1.   Assessment skills.

2.   Responding skills.

3.   Exploring skills.

4.   Management strategy option awareness- including referral guidelines and seeking back up and support when dealing with those with mental health problems.

Some nurses may feel they are sufficiently able, motivated and supported, and have the time to offer some ongoing therapeutic intervention which - with the consent and support of the primary care team - can offer a very valuable adjunct to enabling the recipient to deal with their issues and needs.

Underpinning this decision to take a role in ongoing care and treatment must include a programme of supervision and an agreed outcome- orientated aim to ensure any support is evidence-based and solution-focused. Solution-focused therapy, for example, may agree a particular target or problem to overcome where a finite number of sessions are agreed. In most cases, the local practice may use a formalised series of CBT or counselling sessions to assess and support action provided by a trained practitioner. It is worth knowing what local options are available for this type of support within each area.

Familiarising oneself with a good knowledge base at the same time as having an open mind to the source and cause of a patient’s problems should also be recommended. The view is that knowledge, skills and attitudes (such as those associated with the humanistic model of care pioneered by Carl Rogers,8founder of non-directive client-centred counselling) including being empathic, non-judgmental and having positive regard in offering good boundaries and help, will enable confident support to be offered.

Current training access

All too often it is reported that access to extended role training and specific skills-based workshops and learning events in mental health is limited, particularly where costs to organisations or individual are to be incurred. Talking to colleagues, including management and clinical team members, will assist in forming a plan to address needs in supporting care to patients.

Many nurses already have an identified special interest in a particular patient group, and this is often encouraged, provided it does not detract from the mainstream caseload work for the practice of community nurse.

Links with LTCs

The diagnosis of any form of illness, and particularly a long-term condition which many patients will regard as therefore life limiting, will invariably cause a good deal of anxiety and worry in those affected. The impact can be huge and it is not uncommon for patients and families to ‘catastrophise’ and negatively predict the future with their respective diagnosis, whether one of the commoner conditions like diabetes, COPD, or hypertension, or another less common long-term problem.  Other common progressive or degenerative irreversible physical health problems will equally cause adjustment challenges, especially in the elderly where long-term conditions are most commonly seen. The link between mental health symptoms and physical health problems has been long acknowledged and suggests a level of awareness is necessary for all practitioners.9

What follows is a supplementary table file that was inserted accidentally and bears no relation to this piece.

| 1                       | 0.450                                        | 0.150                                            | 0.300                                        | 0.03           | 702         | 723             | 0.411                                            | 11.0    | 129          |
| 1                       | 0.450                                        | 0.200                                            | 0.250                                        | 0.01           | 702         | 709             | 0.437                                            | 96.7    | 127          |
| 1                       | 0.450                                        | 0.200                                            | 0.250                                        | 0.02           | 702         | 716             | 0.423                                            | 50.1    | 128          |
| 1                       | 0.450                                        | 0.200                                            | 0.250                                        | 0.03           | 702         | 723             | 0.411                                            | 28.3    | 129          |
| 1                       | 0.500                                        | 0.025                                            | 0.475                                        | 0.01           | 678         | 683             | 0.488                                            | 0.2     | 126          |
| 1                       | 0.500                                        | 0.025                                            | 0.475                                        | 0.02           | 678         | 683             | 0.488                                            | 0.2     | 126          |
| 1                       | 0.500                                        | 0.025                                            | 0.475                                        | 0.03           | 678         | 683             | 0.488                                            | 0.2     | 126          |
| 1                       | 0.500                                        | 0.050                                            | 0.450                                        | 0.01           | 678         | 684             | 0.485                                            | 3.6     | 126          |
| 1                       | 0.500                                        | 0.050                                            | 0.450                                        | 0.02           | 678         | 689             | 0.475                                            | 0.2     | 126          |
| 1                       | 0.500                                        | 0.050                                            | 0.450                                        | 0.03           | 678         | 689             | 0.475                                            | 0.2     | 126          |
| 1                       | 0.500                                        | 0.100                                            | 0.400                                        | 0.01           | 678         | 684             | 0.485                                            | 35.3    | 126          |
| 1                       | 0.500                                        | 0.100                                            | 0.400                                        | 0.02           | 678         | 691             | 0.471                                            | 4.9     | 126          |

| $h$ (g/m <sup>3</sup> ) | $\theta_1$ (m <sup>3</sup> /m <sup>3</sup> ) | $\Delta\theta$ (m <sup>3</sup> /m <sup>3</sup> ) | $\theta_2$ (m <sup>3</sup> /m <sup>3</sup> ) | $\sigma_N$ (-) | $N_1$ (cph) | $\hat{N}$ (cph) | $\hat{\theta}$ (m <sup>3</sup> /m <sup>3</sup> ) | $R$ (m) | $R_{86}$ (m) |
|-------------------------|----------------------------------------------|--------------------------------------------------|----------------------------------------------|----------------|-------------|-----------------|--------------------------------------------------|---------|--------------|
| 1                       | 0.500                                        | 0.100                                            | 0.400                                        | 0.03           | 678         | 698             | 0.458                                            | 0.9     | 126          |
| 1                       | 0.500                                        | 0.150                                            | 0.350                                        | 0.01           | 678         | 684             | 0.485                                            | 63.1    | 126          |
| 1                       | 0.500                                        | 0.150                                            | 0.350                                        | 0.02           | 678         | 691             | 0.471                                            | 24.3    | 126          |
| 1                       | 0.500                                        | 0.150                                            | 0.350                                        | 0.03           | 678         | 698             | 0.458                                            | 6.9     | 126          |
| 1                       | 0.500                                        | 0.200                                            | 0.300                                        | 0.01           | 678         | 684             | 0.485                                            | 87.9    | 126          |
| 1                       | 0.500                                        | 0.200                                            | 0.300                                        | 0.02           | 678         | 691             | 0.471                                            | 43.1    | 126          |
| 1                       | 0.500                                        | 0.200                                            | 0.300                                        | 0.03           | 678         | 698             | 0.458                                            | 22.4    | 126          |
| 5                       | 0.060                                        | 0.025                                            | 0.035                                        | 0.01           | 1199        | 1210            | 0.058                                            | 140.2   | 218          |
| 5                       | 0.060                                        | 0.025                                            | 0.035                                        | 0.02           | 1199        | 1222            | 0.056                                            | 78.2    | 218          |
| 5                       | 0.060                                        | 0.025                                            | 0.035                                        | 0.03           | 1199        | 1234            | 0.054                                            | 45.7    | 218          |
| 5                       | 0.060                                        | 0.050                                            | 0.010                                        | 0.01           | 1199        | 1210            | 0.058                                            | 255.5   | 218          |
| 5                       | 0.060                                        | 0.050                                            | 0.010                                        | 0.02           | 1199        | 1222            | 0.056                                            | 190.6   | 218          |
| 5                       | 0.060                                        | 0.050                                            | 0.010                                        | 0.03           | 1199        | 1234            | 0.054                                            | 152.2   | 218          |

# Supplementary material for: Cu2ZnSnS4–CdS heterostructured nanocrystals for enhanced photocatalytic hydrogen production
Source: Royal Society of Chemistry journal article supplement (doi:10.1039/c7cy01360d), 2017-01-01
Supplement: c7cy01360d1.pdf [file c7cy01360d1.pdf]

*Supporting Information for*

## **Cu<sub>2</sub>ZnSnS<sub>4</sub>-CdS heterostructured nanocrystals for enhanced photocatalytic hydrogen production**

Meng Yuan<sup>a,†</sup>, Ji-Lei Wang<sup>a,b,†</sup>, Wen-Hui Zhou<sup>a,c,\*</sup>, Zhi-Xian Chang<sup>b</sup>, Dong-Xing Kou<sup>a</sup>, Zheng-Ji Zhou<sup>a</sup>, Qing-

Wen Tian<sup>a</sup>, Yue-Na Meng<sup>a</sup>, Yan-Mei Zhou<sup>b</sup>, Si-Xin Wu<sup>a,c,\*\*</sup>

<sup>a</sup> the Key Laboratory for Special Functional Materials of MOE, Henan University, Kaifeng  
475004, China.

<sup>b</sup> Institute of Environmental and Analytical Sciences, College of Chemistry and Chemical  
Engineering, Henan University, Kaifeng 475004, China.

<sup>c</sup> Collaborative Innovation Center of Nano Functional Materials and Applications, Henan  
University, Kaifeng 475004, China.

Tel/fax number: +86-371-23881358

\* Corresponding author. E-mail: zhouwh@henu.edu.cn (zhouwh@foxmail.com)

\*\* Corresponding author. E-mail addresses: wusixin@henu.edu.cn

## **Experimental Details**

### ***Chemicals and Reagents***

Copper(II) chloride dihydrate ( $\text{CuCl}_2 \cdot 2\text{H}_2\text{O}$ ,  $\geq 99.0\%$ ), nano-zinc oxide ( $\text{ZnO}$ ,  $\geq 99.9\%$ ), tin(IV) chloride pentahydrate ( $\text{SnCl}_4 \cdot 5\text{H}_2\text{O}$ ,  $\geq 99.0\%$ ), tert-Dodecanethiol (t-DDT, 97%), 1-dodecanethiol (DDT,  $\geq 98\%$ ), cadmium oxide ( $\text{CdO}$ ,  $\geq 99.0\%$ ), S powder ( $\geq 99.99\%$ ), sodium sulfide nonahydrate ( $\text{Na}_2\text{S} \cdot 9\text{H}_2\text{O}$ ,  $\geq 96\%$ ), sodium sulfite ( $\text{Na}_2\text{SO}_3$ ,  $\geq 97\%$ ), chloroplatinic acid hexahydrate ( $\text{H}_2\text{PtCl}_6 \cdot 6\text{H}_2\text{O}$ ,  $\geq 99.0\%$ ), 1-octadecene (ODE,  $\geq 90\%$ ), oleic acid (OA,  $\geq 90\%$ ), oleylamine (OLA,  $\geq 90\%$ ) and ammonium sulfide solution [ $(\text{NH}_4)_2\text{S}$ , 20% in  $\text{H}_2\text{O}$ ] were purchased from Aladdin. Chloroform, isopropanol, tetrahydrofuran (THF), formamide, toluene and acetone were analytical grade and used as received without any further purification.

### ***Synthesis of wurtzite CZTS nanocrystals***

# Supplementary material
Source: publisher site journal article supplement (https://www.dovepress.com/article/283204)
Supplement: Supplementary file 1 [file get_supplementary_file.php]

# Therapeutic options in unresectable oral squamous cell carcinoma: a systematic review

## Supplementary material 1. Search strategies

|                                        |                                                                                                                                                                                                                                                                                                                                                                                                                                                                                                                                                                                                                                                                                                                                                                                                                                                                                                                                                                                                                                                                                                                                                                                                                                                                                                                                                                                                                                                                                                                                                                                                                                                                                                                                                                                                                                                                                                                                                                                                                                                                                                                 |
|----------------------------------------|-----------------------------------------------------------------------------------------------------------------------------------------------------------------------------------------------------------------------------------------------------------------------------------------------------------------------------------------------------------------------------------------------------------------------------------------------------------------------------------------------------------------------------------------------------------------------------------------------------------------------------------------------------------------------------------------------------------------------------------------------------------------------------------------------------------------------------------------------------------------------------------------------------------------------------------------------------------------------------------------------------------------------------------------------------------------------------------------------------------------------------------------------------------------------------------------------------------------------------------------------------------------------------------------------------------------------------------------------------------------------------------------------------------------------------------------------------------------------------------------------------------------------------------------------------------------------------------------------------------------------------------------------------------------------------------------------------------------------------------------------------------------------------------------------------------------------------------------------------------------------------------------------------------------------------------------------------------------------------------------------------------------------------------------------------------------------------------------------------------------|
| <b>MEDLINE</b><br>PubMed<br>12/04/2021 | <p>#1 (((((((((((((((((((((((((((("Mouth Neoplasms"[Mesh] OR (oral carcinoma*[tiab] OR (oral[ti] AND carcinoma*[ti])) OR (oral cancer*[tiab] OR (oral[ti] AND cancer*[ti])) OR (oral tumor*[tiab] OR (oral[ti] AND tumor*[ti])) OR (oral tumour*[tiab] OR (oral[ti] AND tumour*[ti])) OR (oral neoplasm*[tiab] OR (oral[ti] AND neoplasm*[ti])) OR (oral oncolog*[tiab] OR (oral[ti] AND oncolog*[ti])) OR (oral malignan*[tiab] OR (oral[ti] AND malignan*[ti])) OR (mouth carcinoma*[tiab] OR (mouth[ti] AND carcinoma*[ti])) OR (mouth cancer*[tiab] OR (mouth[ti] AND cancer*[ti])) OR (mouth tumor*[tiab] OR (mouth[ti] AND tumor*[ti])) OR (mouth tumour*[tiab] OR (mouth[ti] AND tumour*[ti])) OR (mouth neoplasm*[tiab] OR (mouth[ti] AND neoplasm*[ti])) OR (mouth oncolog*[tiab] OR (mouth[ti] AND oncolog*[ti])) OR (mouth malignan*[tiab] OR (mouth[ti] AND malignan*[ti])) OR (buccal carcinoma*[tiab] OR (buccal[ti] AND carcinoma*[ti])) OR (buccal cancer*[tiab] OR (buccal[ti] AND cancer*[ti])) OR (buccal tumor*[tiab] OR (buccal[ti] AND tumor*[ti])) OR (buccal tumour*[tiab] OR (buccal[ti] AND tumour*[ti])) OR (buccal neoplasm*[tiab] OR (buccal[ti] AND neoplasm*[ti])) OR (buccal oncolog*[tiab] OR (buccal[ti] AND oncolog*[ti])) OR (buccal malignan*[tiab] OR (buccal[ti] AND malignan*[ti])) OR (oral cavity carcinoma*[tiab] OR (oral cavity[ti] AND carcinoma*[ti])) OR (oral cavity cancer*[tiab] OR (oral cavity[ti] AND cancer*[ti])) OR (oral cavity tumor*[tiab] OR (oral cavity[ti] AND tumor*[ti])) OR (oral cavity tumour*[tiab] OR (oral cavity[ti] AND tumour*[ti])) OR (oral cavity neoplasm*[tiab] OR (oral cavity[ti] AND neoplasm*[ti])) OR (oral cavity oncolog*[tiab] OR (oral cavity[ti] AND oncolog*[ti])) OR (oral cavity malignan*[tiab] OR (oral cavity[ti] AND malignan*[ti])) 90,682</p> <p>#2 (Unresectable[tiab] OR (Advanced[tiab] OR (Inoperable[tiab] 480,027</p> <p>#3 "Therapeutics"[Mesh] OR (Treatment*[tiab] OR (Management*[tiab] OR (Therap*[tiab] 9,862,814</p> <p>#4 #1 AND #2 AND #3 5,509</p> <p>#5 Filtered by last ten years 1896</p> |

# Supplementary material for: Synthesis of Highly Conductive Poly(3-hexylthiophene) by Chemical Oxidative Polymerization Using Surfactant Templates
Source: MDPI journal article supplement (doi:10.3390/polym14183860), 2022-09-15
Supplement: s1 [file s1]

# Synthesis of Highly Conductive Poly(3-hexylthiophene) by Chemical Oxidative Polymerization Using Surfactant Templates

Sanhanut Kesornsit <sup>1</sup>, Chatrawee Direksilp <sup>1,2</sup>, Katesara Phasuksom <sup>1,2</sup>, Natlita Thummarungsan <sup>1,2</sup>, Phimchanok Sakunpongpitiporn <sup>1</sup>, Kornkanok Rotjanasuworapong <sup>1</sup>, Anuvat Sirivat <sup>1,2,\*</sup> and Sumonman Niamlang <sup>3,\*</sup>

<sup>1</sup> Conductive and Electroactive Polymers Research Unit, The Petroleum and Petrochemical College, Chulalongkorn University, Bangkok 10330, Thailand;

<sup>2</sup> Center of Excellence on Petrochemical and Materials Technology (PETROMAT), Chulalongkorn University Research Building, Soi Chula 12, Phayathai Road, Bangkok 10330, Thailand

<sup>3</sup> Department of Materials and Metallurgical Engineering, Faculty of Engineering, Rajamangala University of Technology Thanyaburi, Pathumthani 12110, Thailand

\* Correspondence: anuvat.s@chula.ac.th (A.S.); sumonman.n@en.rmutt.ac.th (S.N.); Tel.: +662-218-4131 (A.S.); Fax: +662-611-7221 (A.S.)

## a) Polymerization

Common mental health problems seen in primary and community care – what to do and how to help?

Using the Department of Health Map of Medicine tool,10linked to local management models and approaches, can make a real difference to the confidence of nurses in handling the less complex cases. Knowing how to seek help and avoid feeling isolated and over-burdened is also important. The emotional impact of dealing with patients’ sometimes tragic or difficult circumstances can take its toll on care staff on the front line of service provision. The key message will be to not work in isolation, putting your own mental health at risk, and to always share concerns and seek back-up when you feel you need it, including referring on with consent of the patient and GP.

It is worth developing some rehearsed responses when mental health distress is reported by patients, such as reassuring with (for example):

·      ‘Mental health problems are very common and generally short

-lasting/time-limited with the right help and action.’

·      ‘You are experiencing a normal reaction to abnormal and difficult circumstances.’

·      ‘There are lots of options for help and treatment, not just medication where required.’

·      ‘For some people medication can provide help to aid rest and recharge their batteries.’

·      ‘Many people see mental health symptoms as a wake-up call/early warning system/message to yourself to change something in your life.’

·      ‘Energy levels are often at the heart of a period of emotional distress - looking after yourself differently can be at the key to getting better.’

·      ‘Being tough on yourself and neglecting your needs sometimes creates pressure and stress and can lead to nervous exhaustion.’

Assessment skills

There are a number of tools and templates to aid the development of a practical assessment approach (see additional reading) however it can be claimed that when considering risk and need, some core questions can prove especially important. (See Box 1).


The policy context of the government is to rightly say there is ‘No Health without Mental Health,’ meaning we are all subject to the trials and tribulations of modern life with stresses and strains that will test our resilience and skills in coping. Whether we are fundamentally emotionally or psychologically strong, or otherwise, we will each be on some kind of mental health self-management spectrum,and this spectrum will fluctuate depending on our life circumstances and how we deal with change and adjustment demands.